One of the main ways of storing is deep underground. We can compress carbon dioxide into a dense liquid and then can pump that maybe a mile or two underground into what are called saline aquifers. And once you do that, it’s fairly stable. It can stay there for hundreds or thousands of years without coming back to the atmosphere. So, in a nutshell, that’s the carbon capture and storage process.
Gibson: How would you describe the state of the art in carbon capture and storage technologies?
Syamlal: There are different types of carbon capture technologies that we work at our lab and around the world in various research labs. The three primary technologies: pre-combustion capture; that is, the fuel is combusted, or burned, to generate energy. If the carbon dioxide can be separated before that happens, that’s called pre-combustion capture. There are some advantages to doing that. The second technology is post-combustion capture. Essentially, you burn the fuel, and then separate CO2 from a CO2–nitrogen mixture. And a third technology is called oxy-combustion. In that technology, you separate oxygen from air, and the fuel is combusted in that oxygen material, which then doesn’t require us to separate CO2. So, those are the three technologies.
The post-combustion technology has been around for a long time. There are these materials called amines. You can dissolve CO2 in amines and then you can separate them out from the power plant emissions. It is a very mature technology. The other two are still being researched, pre-combustion and oxy-combustion. The issue with all these technologies is the cost.
If you want to separate carbon dioxide from the power plant emissions, it will require some expenditures of energy, so, essentially, that increases the cost of electricity. That’s why at DOE and at other research labs, we have been doing research to decrease the cost of the carbon capture. Kind of a rough estimate would be today some of the technologies would require $60 for a ton of carbon dioxide captured. And from thermodynamic calculations, we know that the extra energy that is required can be decreased. There is this possibility of decreasing that cost to $40 per ton, so that’s one target. Eventually, decreasing it to $30 per ton. On the carbon-capture front, that’s kind of the state of the art. On the storage front, those storage technologies are very well-known. There are some technical issues, but cost is not the biggest issue.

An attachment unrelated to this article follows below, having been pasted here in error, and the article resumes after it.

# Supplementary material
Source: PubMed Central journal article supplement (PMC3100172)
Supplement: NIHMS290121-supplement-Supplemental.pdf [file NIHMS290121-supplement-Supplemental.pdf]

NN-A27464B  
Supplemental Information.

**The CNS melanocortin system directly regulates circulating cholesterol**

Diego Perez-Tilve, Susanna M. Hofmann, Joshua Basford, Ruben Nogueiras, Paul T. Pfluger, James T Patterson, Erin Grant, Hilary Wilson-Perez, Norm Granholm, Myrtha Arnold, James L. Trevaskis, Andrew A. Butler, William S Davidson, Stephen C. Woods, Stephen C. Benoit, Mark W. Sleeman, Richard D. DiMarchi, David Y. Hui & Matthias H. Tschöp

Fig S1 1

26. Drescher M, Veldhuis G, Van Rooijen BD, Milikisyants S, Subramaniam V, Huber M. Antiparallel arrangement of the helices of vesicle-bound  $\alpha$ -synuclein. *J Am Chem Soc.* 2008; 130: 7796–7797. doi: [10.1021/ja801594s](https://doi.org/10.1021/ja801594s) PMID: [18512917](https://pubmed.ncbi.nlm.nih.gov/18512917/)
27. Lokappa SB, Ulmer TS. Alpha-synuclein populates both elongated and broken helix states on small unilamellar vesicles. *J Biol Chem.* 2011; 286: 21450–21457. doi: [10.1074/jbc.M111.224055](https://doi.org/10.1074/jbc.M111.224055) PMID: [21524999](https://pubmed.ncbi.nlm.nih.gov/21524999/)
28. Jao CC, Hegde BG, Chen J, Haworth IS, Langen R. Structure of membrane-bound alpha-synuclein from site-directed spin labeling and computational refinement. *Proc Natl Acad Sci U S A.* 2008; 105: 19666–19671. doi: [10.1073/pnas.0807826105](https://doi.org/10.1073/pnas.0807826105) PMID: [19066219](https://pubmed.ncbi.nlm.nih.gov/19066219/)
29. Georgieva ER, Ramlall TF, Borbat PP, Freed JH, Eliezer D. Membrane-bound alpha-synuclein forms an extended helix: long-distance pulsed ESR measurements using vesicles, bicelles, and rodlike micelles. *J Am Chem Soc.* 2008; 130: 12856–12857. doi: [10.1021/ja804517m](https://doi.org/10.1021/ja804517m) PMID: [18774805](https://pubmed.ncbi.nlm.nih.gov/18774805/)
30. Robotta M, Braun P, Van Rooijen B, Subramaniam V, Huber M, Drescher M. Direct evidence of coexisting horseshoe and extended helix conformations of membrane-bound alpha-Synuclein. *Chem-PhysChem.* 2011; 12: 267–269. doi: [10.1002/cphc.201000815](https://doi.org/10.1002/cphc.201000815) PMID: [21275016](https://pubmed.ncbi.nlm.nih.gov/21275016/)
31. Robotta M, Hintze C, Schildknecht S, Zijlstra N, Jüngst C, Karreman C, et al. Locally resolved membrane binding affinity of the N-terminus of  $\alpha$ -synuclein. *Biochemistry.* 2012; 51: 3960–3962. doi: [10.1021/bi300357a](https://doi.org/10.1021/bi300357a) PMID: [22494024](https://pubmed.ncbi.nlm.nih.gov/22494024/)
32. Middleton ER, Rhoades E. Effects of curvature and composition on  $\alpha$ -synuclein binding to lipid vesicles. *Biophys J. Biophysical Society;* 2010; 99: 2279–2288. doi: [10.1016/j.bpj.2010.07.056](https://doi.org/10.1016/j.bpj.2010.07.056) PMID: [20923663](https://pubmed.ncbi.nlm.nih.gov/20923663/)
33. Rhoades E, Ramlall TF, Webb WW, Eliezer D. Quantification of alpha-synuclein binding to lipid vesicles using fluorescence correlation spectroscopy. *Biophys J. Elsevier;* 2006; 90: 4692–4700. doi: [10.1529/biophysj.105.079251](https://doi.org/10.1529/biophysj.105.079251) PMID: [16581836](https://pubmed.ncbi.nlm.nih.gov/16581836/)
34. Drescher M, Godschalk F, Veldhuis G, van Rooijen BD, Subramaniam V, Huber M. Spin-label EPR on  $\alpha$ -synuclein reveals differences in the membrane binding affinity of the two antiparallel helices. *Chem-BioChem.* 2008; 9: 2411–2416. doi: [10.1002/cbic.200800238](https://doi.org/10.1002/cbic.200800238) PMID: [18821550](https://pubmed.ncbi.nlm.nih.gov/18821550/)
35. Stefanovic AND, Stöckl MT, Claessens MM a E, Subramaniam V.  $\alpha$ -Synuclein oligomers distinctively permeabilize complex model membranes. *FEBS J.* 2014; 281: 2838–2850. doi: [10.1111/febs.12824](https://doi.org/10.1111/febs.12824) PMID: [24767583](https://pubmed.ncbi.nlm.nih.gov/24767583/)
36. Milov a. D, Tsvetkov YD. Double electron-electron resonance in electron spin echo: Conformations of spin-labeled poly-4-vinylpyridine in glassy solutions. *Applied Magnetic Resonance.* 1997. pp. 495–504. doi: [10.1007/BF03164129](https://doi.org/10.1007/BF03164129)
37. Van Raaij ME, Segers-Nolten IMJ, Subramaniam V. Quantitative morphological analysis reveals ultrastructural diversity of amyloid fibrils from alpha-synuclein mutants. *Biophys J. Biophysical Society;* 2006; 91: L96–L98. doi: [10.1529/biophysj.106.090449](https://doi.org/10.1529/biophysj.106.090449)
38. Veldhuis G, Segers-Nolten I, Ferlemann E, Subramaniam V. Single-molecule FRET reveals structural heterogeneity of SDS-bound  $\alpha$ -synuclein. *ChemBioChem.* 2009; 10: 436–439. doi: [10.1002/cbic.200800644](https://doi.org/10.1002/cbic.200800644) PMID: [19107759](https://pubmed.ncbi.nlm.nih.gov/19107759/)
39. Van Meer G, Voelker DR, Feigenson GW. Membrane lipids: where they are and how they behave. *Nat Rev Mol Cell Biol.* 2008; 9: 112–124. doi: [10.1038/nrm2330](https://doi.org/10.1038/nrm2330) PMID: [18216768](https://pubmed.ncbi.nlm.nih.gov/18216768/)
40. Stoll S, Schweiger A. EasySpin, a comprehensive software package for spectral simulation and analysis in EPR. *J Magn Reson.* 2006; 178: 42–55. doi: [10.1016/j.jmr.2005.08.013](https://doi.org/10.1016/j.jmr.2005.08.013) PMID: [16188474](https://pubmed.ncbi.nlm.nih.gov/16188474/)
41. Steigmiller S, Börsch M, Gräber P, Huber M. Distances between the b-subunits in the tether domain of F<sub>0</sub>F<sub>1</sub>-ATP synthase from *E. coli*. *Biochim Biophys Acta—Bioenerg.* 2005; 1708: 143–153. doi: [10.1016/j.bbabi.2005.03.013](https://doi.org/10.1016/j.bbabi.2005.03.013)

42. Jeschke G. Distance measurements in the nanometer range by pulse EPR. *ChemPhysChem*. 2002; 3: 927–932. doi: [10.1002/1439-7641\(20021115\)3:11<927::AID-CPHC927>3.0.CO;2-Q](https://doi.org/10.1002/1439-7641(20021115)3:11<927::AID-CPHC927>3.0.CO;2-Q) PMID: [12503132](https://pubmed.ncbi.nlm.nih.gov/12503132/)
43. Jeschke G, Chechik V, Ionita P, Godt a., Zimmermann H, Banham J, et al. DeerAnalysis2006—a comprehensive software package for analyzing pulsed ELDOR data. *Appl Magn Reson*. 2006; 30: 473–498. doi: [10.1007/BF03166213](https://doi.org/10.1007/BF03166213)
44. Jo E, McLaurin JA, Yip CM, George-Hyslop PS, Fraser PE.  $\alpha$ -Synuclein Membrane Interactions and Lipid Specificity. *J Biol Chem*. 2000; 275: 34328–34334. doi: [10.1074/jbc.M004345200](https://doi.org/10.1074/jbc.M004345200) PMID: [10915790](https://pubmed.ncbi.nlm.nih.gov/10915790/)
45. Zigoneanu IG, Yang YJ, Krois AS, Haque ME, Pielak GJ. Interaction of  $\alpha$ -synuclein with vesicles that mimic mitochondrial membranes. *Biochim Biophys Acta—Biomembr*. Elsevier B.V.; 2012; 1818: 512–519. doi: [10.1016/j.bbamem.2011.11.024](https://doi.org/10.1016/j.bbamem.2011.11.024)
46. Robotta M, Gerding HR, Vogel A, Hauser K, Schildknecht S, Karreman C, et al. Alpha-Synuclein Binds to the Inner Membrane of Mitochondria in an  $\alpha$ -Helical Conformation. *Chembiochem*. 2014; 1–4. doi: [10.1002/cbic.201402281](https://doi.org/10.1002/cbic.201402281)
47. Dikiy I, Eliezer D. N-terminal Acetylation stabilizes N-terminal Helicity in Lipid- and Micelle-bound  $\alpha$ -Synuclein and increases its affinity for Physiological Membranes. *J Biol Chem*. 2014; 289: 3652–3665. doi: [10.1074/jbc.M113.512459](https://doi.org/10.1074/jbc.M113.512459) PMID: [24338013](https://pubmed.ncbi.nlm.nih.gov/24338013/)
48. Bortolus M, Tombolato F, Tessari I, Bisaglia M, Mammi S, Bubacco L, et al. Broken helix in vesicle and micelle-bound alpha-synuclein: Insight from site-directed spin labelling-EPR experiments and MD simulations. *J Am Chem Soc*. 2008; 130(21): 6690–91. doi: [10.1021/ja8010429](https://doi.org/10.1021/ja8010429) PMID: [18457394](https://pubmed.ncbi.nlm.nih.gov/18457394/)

The other issue is in being able to understand what happens to the CO2 that is put underground, to make sure that we are able to track that and if there is a leak, detect that very effectively and take actions to decrease those leakages. So, those are the areas of research there in the storage technology.
Gibson: Will you explain the carbon-capture system designs that are available in the lab but are not yet scaled up for industrial use?
Syamlal: Within the post-combustion capture, there are several technologies that are being developed in the lab. One technology is based on solvents. Solvents are liquids that can dissolve carbon dioxide, say, at a certain temperature or pressure. And if you increase the temperature or decrease the pressure, then the carbon dioxide gets released. That technology, it is actually already in commercial space. The research area is in coming up with better solvents.
The second technology is called sorbents. These are solid particles which can, again, absorb CO2 at a certain temperature and pressure. And when those conditions are changed by increasing the temperature or decreasing the pressure, you can release the absorbed CO2. So, in that way, the CO2 can be separated from the other gas, say, nitrogen. This technology is quite promising. It’s still under research. It’s not yet commercialized.
Another technology is membranes. These are membranes that will separate CO2 from nitrogen. If you flow the mixture of CO2 and nitrogen on the side. So, it’s like filter paper, say, a coffee filter, and through the other side comes, essentially, CO2. So, that’s how that is separated. Again, this technology, we are working in our lab to come up with better materials for that separation. But it is not commercialized.